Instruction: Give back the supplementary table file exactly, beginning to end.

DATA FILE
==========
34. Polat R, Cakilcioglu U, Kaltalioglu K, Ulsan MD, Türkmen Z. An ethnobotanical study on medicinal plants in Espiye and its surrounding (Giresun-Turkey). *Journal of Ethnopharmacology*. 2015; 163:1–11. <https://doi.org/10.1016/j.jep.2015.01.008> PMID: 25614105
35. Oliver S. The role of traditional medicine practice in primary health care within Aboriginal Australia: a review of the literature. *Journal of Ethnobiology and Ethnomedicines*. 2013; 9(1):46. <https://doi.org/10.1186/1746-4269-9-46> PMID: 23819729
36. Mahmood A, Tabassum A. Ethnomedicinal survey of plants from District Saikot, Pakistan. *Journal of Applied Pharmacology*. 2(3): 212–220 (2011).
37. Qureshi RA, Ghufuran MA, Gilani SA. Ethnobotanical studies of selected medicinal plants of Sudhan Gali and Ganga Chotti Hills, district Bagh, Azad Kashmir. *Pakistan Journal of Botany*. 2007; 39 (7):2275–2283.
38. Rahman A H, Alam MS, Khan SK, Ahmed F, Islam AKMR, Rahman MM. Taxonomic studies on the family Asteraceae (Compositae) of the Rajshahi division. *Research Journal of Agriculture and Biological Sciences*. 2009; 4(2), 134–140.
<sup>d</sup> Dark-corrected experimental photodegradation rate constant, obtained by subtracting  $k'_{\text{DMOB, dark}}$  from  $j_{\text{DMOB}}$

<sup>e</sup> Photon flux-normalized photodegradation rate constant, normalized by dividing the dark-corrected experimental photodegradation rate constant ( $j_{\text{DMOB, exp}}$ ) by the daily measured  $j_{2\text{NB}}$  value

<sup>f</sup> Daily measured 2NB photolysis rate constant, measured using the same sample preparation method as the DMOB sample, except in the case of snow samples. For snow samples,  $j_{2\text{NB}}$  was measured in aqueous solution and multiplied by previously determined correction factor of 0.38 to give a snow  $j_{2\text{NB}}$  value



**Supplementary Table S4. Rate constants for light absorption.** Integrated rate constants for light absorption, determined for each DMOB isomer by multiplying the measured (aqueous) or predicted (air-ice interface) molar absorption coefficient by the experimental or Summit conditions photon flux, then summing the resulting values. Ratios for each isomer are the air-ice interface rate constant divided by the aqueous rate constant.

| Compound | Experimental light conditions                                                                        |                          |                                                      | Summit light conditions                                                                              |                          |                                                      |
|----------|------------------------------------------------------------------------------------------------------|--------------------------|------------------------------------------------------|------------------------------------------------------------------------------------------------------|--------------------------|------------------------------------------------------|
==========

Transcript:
34. Polat R, Cakilcioglu U, Kaltalioglu K, Ulsan MD, Türkmen Z. An ethnobotanical study on medicinal plants in Espiye and its surrounding (Giresun-Turkey). *Journal of Ethnopharmacology*. 2015; 163:1–11. <https://doi.org/10.1016/j.jep.2015.01.008> PMID: 25614105
35. Oliver S. The role of traditional medicine practice in primary health care within Aboriginal Australia: a review of the literature. *Journal of Ethnobiology and Ethnomedicines*. 2013; 9(1):46. <https://doi.org/10.1186/1746-4269-9-46> PMID: 23819729
36. Mahmood A, Tabassum A. Ethnomedicinal survey of plants from District Saikot, Pakistan. *Journal of Applied Pharmacology*. 2(3): 212–220 (2011).
37. Qureshi RA, Ghufuran MA, Gilani SA. Ethnobotanical studies of selected medicinal plants of Sudhan Gali and Ganga Chotti Hills, district Bagh, Azad Kashmir. *Pakistan Journal of Botany*. 2007; 39 (7):2275–2283.
38. Rahman A H, Alam MS, Khan SK, Ahmed F, Islam AKMR, Rahman MM. Taxonomic studies on the family Asteraceae (Compositae) of the Rajshahi division. *Research Journal of Agriculture and Biological Sciences*. 2009; 4(2), 134–140.
<sup>d</sup> Dark-corrected experimental photodegradation rate constant, obtained by subtracting  $k'_{\text{DMOB, dark}}$  from  $j_{\text{DMOB}}$

<sup>e</sup> Photon flux-normalized photodegradation rate constant, normalized by dividing the dark-corrected experimental photodegradation rate constant ( $j_{\text{DMOB, exp}}$ ) by the daily measured  $j_{2\text{NB}}$  value

<sup>f</sup> Daily measured 2NB photolysis rate constant, measured using the same sample preparation method as the DMOB sample, except in the case of snow samples. For snow samples,  $j_{2\text{NB}}$  was measured in aqueous solution and multiplied by previously determined correction factor of 0.38 to give a snow  $j_{2\text{NB}}$  value



**Supplementary Table S4. Rate constants for light absorption.** Integrated rate constants for light absorption, determined for each DMOB isomer by multiplying the measured (aqueous) or predicted (air-ice interface) molar absorption coefficient by the experimental or Summit conditions photon flux, then summing the resulting values. Ratios for each isomer are the air-ice interface rate constant divided by the aqueous rate constant.

| Compound | Experimental light conditions                                                                        |                          |                                                      | Summit light conditions                                                                              |                          |                                                      |
|----------|------------------------------------------------------------------------------------------------------|--------------------------|------------------------------------------------------|------------------------------------------------------------------------------------------------------|--------------------------|------------------------------------------------------|